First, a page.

by Stephanie Politte
A couple of weeks ago, I had a momentary breakdown. I had stepped on a toy for the umpteenth time that day, and after having pleaded and reasoned with (and bribed) my 3 oldest children (aged 4, 4 and 3) to pick up their toys pointlessly for many hours, I made a decision. These toys have to go. I am not the world’s greatest housekeeper, so I am juggling more than enough with all that needs done in order
for this house to continue running like a well-oiled machine to keep this house from being condemned. With all the laundry I have to wash and put away, (I think I actually put away laundry maybe once a month, the rest of the time I’m rifling through multiple baskets of clean laundry trying to find what I need for myself and 5 small children to avoid indecent exposure charges on a daily basis- Steve is on his own) the dishes I have to keep washed and kitchen I have to keep clean (this is probably my best work, but then, you know how I like to cook, a girl’s gotta eat!) and living room I have to keep maneuverable, I just don’t have the time (energy) to fuss with picking up the toys that accompany 5 kids under 5 years old. I didn’t get angry, I didn’t make wild statements to my children with regard to the consequences of their 4 year old actions and general disregard for personal responsibility. I simply said, “Kids, it’s time to clean this up, and we’re going to give away a lot of it. I need your help.” And we got to it.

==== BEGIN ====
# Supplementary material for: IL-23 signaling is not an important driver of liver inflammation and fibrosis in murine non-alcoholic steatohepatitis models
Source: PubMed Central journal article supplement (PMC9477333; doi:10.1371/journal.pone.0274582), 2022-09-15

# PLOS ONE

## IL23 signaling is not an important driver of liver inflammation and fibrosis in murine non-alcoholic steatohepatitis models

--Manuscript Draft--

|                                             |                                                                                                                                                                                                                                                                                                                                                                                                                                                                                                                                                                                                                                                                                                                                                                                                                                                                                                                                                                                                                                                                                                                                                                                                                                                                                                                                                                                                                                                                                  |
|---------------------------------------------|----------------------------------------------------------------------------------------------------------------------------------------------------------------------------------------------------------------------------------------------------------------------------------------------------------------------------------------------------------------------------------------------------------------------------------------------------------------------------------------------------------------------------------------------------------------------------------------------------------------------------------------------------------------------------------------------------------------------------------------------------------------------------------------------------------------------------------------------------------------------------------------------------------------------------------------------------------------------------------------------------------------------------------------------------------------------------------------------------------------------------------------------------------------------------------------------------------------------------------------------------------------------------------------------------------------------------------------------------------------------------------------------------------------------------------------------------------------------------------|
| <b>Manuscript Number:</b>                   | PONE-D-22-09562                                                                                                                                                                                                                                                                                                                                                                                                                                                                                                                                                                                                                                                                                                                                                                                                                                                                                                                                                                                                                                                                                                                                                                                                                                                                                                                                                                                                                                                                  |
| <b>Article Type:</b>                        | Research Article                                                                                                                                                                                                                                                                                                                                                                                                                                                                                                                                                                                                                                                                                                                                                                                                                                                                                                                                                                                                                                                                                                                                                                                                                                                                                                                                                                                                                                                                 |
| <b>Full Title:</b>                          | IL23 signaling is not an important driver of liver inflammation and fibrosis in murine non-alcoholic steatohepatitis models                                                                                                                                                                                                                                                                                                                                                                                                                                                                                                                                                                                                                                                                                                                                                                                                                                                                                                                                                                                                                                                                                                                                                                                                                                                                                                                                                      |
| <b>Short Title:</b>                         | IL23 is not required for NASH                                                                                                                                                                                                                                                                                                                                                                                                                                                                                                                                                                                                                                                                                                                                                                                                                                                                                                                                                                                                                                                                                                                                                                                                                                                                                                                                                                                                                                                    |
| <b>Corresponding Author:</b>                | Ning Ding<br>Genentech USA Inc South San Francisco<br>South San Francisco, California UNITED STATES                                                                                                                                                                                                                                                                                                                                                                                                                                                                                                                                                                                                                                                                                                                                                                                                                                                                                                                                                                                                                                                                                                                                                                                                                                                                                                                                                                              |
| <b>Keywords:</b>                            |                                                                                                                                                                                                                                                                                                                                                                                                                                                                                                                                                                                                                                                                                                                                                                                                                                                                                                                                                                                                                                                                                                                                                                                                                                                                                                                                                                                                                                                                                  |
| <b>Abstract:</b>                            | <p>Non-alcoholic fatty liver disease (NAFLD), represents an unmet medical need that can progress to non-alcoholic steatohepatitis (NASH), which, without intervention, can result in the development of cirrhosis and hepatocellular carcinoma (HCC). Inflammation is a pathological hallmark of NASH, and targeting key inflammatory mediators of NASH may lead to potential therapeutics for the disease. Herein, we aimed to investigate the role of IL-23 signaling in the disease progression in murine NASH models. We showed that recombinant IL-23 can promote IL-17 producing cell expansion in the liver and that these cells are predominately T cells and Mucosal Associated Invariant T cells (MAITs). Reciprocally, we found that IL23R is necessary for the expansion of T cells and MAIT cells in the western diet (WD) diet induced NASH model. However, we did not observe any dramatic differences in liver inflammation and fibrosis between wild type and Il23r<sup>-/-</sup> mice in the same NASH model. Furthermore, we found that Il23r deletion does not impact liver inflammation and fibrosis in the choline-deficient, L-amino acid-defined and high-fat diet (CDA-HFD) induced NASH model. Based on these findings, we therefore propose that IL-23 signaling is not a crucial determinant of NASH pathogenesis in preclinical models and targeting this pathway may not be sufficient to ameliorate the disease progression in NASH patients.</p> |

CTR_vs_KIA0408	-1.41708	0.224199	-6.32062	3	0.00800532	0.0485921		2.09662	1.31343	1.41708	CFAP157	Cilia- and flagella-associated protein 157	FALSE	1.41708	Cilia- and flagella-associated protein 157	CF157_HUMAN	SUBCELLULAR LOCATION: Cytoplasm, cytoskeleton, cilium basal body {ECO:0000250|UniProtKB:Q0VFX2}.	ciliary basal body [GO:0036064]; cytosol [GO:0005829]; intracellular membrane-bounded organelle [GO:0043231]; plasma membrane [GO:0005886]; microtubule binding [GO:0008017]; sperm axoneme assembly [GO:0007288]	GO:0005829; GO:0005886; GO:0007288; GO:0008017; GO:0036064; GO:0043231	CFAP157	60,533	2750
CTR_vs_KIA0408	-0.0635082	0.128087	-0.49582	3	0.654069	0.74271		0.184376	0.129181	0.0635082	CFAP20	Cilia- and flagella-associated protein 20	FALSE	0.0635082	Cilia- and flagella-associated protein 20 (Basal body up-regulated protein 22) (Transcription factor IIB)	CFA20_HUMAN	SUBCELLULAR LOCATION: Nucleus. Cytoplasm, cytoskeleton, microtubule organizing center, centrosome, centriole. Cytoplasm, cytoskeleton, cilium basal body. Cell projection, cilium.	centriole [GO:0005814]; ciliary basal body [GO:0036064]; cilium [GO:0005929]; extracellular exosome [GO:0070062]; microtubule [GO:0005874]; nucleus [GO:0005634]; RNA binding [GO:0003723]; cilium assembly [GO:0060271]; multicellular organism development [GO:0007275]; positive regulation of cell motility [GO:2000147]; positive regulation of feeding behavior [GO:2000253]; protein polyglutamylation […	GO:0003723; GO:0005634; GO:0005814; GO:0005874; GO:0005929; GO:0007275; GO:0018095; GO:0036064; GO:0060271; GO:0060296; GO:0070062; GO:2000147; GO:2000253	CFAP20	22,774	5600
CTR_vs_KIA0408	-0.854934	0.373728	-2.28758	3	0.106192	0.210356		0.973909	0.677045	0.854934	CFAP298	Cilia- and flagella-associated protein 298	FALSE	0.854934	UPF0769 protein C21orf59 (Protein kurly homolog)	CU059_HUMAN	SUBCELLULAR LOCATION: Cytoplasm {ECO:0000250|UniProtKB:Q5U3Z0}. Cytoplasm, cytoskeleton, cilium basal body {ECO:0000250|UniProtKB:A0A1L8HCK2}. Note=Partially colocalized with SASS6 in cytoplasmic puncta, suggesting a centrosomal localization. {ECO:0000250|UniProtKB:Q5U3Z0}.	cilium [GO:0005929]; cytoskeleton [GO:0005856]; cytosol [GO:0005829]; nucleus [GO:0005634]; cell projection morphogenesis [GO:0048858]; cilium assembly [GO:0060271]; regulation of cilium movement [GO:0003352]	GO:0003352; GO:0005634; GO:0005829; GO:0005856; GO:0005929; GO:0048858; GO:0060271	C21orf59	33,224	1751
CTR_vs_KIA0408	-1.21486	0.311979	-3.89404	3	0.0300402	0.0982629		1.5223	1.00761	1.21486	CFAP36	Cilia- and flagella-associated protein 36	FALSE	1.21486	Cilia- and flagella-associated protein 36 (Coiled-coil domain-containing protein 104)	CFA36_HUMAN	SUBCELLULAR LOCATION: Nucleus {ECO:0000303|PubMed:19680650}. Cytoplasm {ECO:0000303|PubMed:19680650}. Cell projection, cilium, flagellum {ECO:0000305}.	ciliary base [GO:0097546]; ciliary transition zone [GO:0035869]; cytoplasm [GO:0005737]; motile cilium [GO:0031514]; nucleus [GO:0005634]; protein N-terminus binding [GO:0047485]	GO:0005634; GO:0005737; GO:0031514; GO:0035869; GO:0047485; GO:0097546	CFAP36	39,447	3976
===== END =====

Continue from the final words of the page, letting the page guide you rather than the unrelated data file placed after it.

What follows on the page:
It took Steve 3 trips (with a minivan) to cart off all of the toys that were in good condition that I deemed “giveawayable” and we threw away 2 full garbage bags of broken toys or toys with missing pieces. When all the dust cleared, we were left with a 30 gallon tote of toys with which I didn’t feel we should part (sentimental gifts and well-loved toys), a 30 gallon tote of stuffed animals (we only kept the absolute favs, you should see how many we pitched!) and a small toy container of dress-up clothes. These were packed away in a closet which is guarded by a toddler-doorknob cover. With every passing moment during the purge, I found myself feeling more and more liberated. To be free of so much STUFF, it was…. well, amazing. And for whatever reason, not one of my munchkins complained as they watched me sort through their prized possessions and toss MOST of them into the giveaway box. I didn’t do it while they were napping or hide it from them in anyway. They are completely aware that those toys are gone and have no chance of returning, and that the few that we kept are indefinitely packed away.
I’d like to say that this event was prompted by a conviction that we are too privileged but the reality is that I was just sick of having to clean the rest of the house AND pick up the myriad of toys in my kids’ rooms (over and over). It was selfish, I’ll admit. But I stumbled across a gem while in the midst of this project which served to validate my goal as well as convict me of quite a few other areas of excess in my life. If you haven’t read the book 7, by Jen Hatmaker, do yourself a favor and spend the $10 right now on Amazon to acquire the Kindle version and stop reading my ridiculous blog post so you can read her life-altering book.